Friday, November 03, 2000


   The October move of the National Center for Responsible Gaming's 
from Kansas City, Mo., to Harvard University strengthens scientific 
efforts to understand gambling disorders, according to its executive 
   "There's not a high awareness of pathological gambling as a 
disorder, much like there is for drug abuse or alcoholism," Christine 
Reilly said. "Having one of the most respected research institutions 
in the world study the problem moves it to the next level."
   The center's parent group, the Gaming Entertainment Research and 
Education Foundation, awarded Harvard a two-year contract to create 
the Institute for Research on Pathological Gambling and Related 
   The institute, housed in the medical school's Division on 
Addiction, will evaluate research proposals and seek funding for 
research projects.
   Reilly said the institute will produce research that provides 
clarity on the various types of gambling-related disorders.
   "Right now, we don't have a sense of the natural history of these 
disorders," she said.
   MGM Mirage spokesman Alan Feldman said pathological gambling was 
largely ignored until 1980, when it was listed in the Diagnostic and 
Statistical Manual, a medical reference book published by the 
American Psychiatric Association.
   Feldman said scientific efforts to create awareness of the issue 
have been hurt by a disjointed approach to research and treatment.
   The emergence of different types of terminology for gambling 
disorders - problem gambling, pathological gambling, disordered 
gambling - further stunted awareness efforts, Feldman said.
   "You could have talented treatment professionals using different 
language to describe pathological gambling's characteristics, but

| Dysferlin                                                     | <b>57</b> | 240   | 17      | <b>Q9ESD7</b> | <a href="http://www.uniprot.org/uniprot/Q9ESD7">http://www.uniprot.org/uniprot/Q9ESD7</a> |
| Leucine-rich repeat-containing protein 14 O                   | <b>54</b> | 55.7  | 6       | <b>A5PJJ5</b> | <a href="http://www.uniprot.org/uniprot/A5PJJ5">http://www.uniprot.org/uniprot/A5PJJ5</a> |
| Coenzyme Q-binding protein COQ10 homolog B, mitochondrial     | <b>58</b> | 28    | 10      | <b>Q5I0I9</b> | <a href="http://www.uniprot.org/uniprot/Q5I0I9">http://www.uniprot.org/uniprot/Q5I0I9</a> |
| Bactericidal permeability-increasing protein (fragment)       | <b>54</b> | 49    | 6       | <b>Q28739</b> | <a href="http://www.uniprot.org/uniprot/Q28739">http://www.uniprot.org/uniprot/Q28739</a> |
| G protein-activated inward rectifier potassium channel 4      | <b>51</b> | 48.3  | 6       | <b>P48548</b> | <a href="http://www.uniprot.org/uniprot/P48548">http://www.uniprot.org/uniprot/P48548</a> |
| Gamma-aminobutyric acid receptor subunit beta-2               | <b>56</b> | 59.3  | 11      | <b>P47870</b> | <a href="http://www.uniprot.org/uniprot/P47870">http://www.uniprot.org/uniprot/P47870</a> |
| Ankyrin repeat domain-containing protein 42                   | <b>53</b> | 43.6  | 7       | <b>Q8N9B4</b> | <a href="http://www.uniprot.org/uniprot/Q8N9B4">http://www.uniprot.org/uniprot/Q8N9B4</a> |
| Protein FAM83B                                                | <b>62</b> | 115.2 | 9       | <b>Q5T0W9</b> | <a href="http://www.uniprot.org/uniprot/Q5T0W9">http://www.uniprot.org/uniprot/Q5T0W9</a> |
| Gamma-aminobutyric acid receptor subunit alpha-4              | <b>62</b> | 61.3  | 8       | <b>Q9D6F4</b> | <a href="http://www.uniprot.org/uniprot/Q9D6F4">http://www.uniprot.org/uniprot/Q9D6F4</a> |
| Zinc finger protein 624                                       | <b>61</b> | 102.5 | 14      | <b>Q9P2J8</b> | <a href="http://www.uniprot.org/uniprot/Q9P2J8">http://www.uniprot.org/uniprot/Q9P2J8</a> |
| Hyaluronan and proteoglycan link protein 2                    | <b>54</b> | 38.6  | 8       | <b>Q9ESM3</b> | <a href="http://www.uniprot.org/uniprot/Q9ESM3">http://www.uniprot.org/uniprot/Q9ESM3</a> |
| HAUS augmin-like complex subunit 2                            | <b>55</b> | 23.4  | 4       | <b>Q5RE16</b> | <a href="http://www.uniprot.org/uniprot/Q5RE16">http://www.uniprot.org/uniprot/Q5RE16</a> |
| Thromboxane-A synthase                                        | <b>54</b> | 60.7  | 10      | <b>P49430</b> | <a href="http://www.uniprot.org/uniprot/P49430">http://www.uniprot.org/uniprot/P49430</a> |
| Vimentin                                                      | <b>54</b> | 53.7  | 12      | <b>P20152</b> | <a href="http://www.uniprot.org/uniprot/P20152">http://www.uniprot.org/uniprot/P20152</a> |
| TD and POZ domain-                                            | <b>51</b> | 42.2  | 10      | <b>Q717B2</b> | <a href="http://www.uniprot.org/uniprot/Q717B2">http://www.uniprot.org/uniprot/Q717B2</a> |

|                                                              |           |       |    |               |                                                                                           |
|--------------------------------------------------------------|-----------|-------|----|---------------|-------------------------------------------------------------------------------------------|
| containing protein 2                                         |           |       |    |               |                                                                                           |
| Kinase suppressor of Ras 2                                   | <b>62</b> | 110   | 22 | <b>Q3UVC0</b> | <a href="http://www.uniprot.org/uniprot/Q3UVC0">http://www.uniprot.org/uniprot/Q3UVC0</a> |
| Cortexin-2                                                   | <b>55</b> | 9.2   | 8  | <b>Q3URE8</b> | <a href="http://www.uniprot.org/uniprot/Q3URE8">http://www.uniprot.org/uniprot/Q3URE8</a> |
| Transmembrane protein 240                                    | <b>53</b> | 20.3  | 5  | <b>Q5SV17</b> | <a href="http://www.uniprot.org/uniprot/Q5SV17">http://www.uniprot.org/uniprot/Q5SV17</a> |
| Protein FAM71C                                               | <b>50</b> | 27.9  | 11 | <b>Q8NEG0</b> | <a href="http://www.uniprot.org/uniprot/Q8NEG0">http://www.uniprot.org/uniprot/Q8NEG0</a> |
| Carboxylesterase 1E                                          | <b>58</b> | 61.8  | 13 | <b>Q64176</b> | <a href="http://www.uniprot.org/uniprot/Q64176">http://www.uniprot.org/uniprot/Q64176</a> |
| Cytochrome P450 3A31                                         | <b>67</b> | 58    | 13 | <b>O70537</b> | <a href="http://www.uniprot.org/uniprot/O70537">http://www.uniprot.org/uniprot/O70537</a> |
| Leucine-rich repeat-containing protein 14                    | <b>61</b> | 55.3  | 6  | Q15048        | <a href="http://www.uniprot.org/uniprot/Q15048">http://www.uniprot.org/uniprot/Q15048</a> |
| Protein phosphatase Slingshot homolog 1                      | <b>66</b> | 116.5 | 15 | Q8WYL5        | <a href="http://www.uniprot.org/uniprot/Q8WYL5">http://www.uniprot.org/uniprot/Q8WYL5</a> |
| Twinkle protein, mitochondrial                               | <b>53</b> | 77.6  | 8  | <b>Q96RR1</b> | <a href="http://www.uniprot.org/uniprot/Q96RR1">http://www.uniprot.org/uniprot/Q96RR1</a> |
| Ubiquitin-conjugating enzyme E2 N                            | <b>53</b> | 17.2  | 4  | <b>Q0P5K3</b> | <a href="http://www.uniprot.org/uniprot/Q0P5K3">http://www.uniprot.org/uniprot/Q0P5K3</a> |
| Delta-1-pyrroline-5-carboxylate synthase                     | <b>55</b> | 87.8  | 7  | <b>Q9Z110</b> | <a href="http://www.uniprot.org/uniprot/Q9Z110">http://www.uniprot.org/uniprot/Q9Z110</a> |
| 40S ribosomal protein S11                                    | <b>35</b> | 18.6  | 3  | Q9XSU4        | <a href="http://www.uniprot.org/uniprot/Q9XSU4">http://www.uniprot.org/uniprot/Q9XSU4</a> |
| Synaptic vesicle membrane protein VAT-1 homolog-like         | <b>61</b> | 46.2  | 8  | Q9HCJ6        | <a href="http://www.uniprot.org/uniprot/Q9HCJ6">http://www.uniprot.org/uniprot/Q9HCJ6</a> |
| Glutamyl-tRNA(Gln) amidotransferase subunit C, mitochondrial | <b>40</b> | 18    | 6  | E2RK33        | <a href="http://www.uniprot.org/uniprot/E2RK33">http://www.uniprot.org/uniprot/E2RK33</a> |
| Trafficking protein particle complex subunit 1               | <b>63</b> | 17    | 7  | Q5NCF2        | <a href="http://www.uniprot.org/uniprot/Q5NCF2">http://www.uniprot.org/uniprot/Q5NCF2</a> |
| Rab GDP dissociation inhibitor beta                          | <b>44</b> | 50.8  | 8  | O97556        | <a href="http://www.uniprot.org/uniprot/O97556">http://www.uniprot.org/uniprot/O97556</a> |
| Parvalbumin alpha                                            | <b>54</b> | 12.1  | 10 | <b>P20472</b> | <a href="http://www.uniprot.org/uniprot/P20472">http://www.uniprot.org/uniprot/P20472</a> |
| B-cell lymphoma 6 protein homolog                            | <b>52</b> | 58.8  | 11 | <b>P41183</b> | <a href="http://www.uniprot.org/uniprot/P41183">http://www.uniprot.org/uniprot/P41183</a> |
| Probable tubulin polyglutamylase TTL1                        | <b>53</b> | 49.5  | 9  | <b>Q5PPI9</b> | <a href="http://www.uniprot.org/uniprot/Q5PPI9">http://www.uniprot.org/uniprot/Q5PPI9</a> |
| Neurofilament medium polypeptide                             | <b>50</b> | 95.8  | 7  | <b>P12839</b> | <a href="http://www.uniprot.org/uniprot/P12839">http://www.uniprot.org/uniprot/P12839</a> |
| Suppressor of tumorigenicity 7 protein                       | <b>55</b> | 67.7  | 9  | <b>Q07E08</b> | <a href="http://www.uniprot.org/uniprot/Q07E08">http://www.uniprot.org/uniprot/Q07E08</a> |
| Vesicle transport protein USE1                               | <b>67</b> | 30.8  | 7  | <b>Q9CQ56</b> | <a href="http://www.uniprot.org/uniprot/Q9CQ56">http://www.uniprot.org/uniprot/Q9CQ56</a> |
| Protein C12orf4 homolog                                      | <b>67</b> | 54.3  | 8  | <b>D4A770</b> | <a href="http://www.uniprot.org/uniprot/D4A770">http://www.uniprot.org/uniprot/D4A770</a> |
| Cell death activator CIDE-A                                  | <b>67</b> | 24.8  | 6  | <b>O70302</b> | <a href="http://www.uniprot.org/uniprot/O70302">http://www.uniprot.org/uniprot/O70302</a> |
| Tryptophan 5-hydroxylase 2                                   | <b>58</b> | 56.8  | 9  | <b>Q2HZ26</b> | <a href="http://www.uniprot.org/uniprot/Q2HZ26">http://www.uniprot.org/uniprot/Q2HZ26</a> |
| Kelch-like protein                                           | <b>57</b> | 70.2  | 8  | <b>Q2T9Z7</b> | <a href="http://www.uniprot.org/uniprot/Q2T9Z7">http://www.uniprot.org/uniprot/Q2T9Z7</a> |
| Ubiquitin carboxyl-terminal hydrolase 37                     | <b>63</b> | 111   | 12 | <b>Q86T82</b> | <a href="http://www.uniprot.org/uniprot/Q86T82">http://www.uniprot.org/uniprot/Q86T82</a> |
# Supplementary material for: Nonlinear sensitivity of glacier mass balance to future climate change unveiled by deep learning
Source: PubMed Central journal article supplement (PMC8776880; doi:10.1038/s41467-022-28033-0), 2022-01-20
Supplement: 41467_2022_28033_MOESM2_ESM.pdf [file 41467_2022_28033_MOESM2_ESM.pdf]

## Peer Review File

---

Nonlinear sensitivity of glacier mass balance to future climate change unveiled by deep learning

they couldn't communicate with each other about the problem, much 
less with the outside world," he said.
   Feldman credits Harvard Medical School psychology professor Howard 
Shaffer, who studies gambling addiction, with initiating the process 
to standardize terminology for gambling disorders.
   Shaffer, who directs the Division on Addiction, said Harvard has 
studied gambling disorders since 1983.
   "By establishing the institute, we're saying to the world that this 
is a very important scientific phenomenon that demands attention," 
Shaffer said.
   The National Council on Problem Gambling defines pathological 
gambling as a progressive addiction characterized by a preoccupation 
with gambling. It defines problem gambling as behavior that disrupts 
any major area of a person's life.
   Keith Whyte, executive director of the national Council on Problem 
Gambling, estimated that last year 1 percent of U.S. adults would 
have met the criteria for being pathological gamblers and another 2 
percent to 3 percent of adults would have been classified with the 
less-severe label of problem gambler.
   Carol O'Hare, executive director of the Nevada Council on Problem 
Gambling, said the institute could produce the type of peer-reviewed 
research needed to access funding for research and treatment programs.
   She also expects researchers to probe the relationship between 
pathological gambling and other addictive disorders, examine what 
populations are most susceptible to pathological gambling and 
determine which treatments work and the best way to deliver those 
    "The people who suffer from these disorders benefit most from the 
research," said O'Hare, whose council runs a 24-hour help line that 
fielded 1,800 calls last year.

Dave Berns
Editor/Writer Gaming Wire
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